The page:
As arthrofibrosis can be successfully alleviated if treated in its early stages, the clinical team must carefully watch for this complication relatively soon after the initial trauma or surgery, especially if there is an established risk such as in cruciate ligament surgery or arthroplasty.
How does the surgeon or therapist know that the process of arthrofibrosis has been triggered? How can they determine early that a patient's recovery is not progressing normally?
Normal Expectations after Surgery or Injury
We established in Part II the normal range of knee motion in regard to flexion and extension. In the early acute inflammatory phase following injury or surgery, the knee may be painful, swollen, warm, and unable to achieve full motion.
After approximately 2 to 3 weeks, patients should be able to regain normal flexion and extension or demonstrate a normal progression of motion, depending on the operative procedure which was performed. For instance, after high tibial osteotomy we expect patients to be able to achieve 0-110° by the end of the 2nd postoperative week; 0-130° by the end of the 4th week; and full motion by the end of the 6th week.
In patients in whom arthrofibrosis triggers, this 2-week 'turnaround' or normal progression of motion does not occur. In some cases, the knee may do well for the first few weeks following injury or surgery, but then motion becomes limited.
How can the clinician realize that there is an abnormal scarring reaction occurring in the knee?
High Index of Suspicion
The clinician should be alert to the possibility of this complication in disorders in which a higher than normal risk exists - we discussed these disorders in Part IV and briefly in Part I. In 'high-risk' disorders, the patient needs to be managed closely by the surgeon and rehabilitation unit so that healing can be assessed and serial measurements made of knee flexion and extension, the mobility of the patella and its related tendons,and the strength of the quadriceps muscles.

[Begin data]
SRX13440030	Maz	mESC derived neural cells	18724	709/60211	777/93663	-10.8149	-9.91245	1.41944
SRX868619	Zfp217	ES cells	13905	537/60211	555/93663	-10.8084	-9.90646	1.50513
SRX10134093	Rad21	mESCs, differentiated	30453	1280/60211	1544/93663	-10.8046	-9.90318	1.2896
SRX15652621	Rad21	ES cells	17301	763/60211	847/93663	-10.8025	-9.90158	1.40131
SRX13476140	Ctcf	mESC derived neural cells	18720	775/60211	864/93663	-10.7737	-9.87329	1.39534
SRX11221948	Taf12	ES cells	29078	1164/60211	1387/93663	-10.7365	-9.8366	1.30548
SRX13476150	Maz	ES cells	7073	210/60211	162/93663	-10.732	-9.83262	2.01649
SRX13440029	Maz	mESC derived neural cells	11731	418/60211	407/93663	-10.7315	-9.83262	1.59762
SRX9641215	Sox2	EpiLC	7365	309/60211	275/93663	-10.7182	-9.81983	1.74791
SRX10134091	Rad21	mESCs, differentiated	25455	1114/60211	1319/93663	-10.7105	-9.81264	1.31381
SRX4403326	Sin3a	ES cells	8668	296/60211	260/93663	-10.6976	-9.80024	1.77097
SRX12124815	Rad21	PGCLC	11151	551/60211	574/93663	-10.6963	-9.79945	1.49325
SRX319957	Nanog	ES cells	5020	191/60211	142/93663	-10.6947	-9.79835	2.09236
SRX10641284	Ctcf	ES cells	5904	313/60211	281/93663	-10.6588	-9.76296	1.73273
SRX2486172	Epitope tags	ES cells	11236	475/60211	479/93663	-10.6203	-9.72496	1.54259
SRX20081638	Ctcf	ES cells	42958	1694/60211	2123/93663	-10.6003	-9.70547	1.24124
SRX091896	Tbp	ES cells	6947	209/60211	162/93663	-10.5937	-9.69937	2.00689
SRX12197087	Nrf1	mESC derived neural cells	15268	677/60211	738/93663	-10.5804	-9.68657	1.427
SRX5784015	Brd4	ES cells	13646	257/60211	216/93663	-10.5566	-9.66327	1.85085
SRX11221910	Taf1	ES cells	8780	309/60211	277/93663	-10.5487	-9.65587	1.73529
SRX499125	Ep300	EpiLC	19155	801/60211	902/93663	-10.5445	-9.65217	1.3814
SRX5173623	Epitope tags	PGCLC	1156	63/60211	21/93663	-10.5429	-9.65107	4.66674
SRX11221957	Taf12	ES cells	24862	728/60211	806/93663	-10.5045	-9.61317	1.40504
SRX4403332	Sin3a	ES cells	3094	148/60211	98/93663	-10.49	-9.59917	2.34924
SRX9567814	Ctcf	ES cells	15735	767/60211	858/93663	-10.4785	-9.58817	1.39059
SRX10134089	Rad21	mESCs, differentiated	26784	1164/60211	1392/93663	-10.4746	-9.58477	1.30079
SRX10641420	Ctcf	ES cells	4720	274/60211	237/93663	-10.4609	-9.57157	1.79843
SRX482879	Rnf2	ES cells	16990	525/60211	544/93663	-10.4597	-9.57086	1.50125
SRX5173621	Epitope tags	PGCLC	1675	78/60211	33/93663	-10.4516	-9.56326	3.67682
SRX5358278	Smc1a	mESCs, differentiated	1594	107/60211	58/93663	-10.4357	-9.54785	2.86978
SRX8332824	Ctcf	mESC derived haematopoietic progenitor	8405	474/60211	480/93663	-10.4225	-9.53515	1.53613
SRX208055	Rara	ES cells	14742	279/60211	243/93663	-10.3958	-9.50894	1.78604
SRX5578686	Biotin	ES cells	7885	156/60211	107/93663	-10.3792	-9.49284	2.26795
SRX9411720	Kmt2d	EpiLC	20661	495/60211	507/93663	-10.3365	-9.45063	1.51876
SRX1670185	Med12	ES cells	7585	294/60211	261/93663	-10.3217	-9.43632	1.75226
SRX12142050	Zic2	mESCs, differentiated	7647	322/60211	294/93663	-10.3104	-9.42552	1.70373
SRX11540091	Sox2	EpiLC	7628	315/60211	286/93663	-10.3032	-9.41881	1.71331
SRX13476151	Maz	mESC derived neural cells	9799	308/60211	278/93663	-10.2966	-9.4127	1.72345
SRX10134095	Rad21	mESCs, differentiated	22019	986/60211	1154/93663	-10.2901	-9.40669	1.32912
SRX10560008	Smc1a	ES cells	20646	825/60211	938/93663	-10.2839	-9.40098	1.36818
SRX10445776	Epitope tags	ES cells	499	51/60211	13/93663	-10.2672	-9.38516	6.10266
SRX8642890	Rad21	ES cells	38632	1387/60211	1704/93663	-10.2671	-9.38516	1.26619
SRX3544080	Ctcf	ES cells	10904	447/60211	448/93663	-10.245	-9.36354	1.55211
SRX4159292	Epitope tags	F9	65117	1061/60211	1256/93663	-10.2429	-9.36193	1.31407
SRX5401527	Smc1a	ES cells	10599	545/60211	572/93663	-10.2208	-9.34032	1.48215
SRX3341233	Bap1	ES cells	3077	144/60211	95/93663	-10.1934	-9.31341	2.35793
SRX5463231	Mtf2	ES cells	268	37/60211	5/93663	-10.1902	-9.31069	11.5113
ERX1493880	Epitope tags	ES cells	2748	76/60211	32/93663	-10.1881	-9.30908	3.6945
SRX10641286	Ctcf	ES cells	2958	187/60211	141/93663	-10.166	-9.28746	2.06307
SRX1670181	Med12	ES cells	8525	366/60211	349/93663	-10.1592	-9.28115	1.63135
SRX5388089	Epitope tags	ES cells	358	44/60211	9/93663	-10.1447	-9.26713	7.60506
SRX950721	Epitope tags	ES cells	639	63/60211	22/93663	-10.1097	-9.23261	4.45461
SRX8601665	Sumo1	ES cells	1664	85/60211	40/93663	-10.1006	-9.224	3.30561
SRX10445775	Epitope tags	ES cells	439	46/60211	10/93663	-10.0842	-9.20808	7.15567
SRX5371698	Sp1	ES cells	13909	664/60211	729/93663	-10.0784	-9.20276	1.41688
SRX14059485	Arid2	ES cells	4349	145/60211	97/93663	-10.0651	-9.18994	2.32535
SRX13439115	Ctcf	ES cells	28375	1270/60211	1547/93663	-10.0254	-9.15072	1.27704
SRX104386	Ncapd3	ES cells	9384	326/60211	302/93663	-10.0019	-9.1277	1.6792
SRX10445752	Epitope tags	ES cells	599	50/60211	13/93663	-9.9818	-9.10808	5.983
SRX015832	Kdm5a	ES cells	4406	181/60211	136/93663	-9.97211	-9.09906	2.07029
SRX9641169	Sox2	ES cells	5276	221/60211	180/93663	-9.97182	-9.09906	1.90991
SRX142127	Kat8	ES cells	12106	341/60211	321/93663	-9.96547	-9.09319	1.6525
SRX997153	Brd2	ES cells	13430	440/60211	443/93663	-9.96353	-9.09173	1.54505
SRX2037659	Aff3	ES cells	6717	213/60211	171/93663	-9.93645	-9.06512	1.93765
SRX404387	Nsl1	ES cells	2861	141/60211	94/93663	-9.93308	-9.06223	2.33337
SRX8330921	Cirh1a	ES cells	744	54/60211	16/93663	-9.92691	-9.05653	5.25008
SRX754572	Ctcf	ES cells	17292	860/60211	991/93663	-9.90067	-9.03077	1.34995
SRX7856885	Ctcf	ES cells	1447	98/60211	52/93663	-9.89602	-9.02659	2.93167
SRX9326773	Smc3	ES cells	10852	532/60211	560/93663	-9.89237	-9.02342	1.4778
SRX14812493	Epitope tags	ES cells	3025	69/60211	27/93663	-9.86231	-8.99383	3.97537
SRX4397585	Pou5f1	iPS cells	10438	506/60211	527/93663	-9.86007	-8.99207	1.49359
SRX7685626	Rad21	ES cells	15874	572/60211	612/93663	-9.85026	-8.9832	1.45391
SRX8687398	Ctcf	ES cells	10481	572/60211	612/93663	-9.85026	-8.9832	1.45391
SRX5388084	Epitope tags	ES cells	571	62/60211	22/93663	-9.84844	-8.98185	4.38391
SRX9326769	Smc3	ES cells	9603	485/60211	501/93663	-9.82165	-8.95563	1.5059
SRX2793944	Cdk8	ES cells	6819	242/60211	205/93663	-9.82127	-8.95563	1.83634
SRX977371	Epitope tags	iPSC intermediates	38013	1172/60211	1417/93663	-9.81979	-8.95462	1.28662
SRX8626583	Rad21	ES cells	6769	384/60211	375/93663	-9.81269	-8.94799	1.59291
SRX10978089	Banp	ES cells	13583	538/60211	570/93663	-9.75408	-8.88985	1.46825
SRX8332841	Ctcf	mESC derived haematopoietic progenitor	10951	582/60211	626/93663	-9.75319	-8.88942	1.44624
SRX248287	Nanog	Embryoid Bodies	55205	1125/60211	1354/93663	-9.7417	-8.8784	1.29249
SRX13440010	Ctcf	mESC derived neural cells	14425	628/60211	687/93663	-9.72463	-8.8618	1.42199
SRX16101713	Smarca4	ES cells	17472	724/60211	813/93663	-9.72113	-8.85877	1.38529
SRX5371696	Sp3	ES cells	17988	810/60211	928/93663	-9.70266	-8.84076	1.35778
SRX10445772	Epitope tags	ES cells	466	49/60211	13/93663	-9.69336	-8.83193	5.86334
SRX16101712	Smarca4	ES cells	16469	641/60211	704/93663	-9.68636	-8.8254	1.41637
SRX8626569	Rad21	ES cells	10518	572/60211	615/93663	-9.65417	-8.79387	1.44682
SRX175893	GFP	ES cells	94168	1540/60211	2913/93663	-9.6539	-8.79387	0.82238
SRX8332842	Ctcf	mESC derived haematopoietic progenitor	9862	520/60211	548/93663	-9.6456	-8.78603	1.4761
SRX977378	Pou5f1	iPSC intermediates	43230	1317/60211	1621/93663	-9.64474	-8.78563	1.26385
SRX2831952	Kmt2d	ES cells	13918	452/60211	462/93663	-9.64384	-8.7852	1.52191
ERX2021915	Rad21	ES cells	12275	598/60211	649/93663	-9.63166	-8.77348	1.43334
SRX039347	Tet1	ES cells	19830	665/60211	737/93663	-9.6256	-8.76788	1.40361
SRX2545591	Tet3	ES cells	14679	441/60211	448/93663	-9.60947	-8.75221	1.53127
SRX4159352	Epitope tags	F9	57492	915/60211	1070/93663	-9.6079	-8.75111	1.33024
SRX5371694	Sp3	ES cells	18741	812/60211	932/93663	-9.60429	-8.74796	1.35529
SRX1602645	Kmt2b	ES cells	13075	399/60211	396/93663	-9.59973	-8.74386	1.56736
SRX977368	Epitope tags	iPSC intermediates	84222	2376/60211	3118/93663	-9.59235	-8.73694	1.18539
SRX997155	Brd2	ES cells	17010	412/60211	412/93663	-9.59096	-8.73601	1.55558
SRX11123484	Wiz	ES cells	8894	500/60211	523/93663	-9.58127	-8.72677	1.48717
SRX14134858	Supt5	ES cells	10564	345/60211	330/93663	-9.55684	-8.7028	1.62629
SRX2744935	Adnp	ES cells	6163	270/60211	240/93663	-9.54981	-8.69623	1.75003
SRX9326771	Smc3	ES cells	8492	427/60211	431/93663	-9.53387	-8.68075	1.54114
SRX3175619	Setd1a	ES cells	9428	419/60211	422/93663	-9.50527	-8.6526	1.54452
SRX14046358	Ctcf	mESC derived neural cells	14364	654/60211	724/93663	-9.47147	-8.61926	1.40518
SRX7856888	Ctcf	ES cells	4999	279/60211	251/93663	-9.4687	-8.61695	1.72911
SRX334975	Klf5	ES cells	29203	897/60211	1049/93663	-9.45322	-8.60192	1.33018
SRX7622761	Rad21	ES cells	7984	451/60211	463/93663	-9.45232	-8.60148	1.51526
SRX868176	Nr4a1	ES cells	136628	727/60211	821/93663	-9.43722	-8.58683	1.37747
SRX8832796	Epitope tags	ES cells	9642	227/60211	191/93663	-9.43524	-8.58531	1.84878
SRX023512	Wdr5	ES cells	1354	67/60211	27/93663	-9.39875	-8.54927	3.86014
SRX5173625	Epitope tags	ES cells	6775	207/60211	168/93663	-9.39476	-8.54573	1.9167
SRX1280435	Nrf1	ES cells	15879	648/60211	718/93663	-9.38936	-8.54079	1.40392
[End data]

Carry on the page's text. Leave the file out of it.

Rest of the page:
Our research has shown (ref 1) that the progression of arthrofibrosis can trigger downward migration of the patella as early as a few weeks after ACL reconstruction, and crippling patella infera within 8 months to a year. An effective way to monitor this carefully is by the serial measurement of patellar height on a lateral X-ray of both knees.
Two ratios have become standard in the assessment of patellar position - these are the Insall-Salvati and Blackburne-Peel vertical height ratios.
Insall-Salvati ratio - length of the patellar tendon (lowest pole of the patella to the tibial tubercle on X-ray) compared to the height of the patella - usually 1.02 +/- 0.2. A ratio of less than 0.8 is considered to be patella infera.
Blackburne-Peel ratio - lowest point on the patellar cartilage to the level of the tibial plateau compared to the length of the patellar articular surface - usually 0.54-1.06. A ratio of less than 0.54 is considered to be patella infera.
In 1991, (ref 2) two colleagues and I compared the two knees of 51 individuals and found that, although the ratio may vary slightly from person to person, it is remarkably consistent between the two knees of the same person. This allowed us to diagnose patella infera by comparing the ratio in the problem knee with that in the normal knee on serial lateral X-rays with the knee in 30-60° of flexion.
Caveat - Remember that a limitation of ROM may have causes other than arthrofibrosis
In the investigation of a patient's lack of progress, the careful clinician must exclude other mechanical causes for the joint stiffness -
- muscle inhibition
- fluid in the joint (including infection)
- mechanical factors, such as a loose body, bucket-handle tear of the meniscus, or cyclops lesion
- joint bones out of alignment, eg from a fracture (break)
- interruption to the extensor mechanism, eg ruptured patellar tendon
- improperly placed ligament graft
- damaged nerves
These conditions may trigger or be present in combination with arthrofibrosis.
2. Noyes FR, Wojtys EM, Marshall MT. The early diagnosis and treatment of developmental patella infera syndrome. Clin Orthop. 1991;265:241-52.